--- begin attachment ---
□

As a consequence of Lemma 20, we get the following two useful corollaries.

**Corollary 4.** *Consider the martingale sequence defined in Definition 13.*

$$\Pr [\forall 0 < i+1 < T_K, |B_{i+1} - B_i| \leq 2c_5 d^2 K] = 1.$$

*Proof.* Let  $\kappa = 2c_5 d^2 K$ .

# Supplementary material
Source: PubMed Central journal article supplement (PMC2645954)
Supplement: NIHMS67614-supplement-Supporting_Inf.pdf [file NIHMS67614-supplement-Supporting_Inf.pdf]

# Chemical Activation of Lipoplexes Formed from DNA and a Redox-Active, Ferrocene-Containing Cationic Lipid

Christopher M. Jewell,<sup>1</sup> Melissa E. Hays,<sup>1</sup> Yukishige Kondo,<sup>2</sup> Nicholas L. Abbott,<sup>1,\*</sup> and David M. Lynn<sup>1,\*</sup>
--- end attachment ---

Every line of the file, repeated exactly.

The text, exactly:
□

As a consequence of Lemma 20, we get the following two useful corollaries.

**Corollary 4.** *Consider the martingale sequence defined in Definition 13.*

$$\Pr [\forall 0 < i+1 < T_K, |B_{i+1} - B_i| \leq 2c_5 d^2 K] = 1.$$

*Proof.* Let  $\kappa = 2c_5 d^2 K$ .

# Supplementary material
Source: PubMed Central journal article supplement (PMC2645954)
Supplement: NIHMS67614-supplement-Supporting_Inf.pdf [file NIHMS67614-supplement-Supporting_Inf.pdf]

# Chemical Activation of Lipoplexes Formed from DNA and a Redox-Active, Ferrocene-Containing Cationic Lipid

Christopher M. Jewell,<sup>1</sup> Melissa E. Hays,<sup>1</sup> Yukishige Kondo,<sup>2</sup> Nicholas L. Abbott,<sup>1,\*</sup> and David M. Lynn<sup>1,\*</sup>